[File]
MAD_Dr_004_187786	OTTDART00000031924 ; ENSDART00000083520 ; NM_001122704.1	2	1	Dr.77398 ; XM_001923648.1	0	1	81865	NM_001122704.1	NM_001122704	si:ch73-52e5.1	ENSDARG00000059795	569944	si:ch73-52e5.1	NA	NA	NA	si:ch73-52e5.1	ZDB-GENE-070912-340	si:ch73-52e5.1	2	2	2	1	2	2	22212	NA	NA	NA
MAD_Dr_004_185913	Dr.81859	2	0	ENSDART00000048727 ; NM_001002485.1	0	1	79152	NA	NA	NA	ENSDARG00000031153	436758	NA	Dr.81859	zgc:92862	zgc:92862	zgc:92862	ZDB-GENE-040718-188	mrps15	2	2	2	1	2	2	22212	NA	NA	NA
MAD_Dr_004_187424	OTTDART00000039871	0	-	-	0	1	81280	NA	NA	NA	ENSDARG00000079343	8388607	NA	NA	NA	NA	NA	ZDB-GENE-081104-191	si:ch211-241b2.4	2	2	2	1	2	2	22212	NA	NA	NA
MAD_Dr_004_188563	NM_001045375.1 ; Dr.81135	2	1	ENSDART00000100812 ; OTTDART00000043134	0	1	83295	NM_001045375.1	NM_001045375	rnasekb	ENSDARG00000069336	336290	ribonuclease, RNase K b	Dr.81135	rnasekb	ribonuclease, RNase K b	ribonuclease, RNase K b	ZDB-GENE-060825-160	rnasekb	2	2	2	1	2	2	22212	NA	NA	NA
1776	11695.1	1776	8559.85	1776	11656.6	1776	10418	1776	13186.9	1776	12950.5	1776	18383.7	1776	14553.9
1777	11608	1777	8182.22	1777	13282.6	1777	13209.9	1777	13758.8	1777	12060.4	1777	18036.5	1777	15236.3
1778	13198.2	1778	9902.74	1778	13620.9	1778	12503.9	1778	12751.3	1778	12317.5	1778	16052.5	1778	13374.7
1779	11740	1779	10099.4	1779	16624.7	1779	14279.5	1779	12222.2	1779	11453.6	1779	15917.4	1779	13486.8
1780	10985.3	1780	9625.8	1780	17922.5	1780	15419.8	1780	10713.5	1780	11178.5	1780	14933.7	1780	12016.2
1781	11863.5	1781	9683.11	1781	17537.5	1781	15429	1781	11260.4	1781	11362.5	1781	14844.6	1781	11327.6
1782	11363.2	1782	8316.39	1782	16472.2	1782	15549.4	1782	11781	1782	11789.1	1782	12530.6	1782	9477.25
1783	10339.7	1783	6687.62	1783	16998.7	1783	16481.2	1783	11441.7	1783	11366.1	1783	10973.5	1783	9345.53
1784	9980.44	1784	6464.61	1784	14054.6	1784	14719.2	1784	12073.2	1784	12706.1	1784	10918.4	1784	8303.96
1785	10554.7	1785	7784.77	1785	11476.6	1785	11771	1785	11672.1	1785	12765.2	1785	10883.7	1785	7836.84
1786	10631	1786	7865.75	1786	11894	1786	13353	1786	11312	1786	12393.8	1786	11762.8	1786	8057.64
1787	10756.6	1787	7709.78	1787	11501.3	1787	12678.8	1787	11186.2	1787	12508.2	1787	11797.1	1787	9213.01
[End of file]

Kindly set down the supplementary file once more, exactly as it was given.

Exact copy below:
MAD_Dr_004_187786	OTTDART00000031924 ; ENSDART00000083520 ; NM_001122704.1	2	1	Dr.77398 ; XM_001923648.1	0	1	81865	NM_001122704.1	NM_001122704	si:ch73-52e5.1	ENSDARG00000059795	569944	si:ch73-52e5.1	NA	NA	NA	si:ch73-52e5.1	ZDB-GENE-070912-340	si:ch73-52e5.1	2	2	2	1	2	2	22212	NA	NA	NA
MAD_Dr_004_185913	Dr.81859	2	0	ENSDART00000048727 ; NM_001002485.1	0	1	79152	NA	NA	NA	ENSDARG00000031153	436758	NA	Dr.81859	zgc:92862	zgc:92862	zgc:92862	ZDB-GENE-040718-188	mrps15	2	2	2	1	2	2	22212	NA	NA	NA
MAD_Dr_004_187424	OTTDART00000039871	0	-	-	0	1	81280	NA	NA	NA	ENSDARG00000079343	8388607	NA	NA	NA	NA	NA	ZDB-GENE-081104-191	si:ch211-241b2.4	2	2	2	1	2	2	22212	NA	NA	NA
MAD_Dr_004_188563	NM_001045375.1 ; Dr.81135	2	1	ENSDART00000100812 ; OTTDART00000043134	0	1	83295	NM_001045375.1	NM_001045375	rnasekb	ENSDARG00000069336	336290	ribonuclease, RNase K b	Dr.81135	rnasekb	ribonuclease, RNase K b	ribonuclease, RNase K b	ZDB-GENE-060825-160	rnasekb	2	2	2	1	2	2	22212	NA	NA	NA
1776	11695.1	1776	8559.85	1776	11656.6	1776	10418	1776	13186.9	1776	12950.5	1776	18383.7	1776	14553.9
1777	11608	1777	8182.22	1777	13282.6	1777	13209.9	1777	13758.8	1777	12060.4	1777	18036.5	1777	15236.3
1778	13198.2	1778	9902.74	1778	13620.9	1778	12503.9	1778	12751.3	1778	12317.5	1778	16052.5	1778	13374.7
1779	11740	1779	10099.4	1779	16624.7	1779	14279.5	1779	12222.2	1779	11453.6	1779	15917.4	1779	13486.8
1780	10985.3	1780	9625.8	1780	17922.5	1780	15419.8	1780	10713.5	1780	11178.5	1780	14933.7	1780	12016.2
1781	11863.5	1781	9683.11	1781	17537.5	1781	15429	1781	11260.4	1781	11362.5	1781	14844.6	1781	11327.6
1782	11363.2	1782	8316.39	1782	16472.2	1782	15549.4	1782	11781	1782	11789.1	1782	12530.6	1782	9477.25
1783	10339.7	1783	6687.62	1783	16998.7	1783	16481.2	1783	11441.7	1783	11366.1	1783	10973.5	1783	9345.53
1784	9980.44	1784	6464.61	1784	14054.6	1784	14719.2	1784	12073.2	1784	12706.1	1784	10918.4	1784	8303.96
1785	10554.7	1785	7784.77	1785	11476.6	1785	11771	1785	11672.1	1785	12765.2	1785	10883.7	1785	7836.84
1786	10631	1786	7865.75	1786	11894	1786	13353	1786	11312	1786	12393.8	1786	11762.8	1786	8057.64
1787	10756.6	1787	7709.78	1787	11501.3	1787	12678.8	1787	11186.2	1787	12508.2	1787	11797.1	1787	9213.01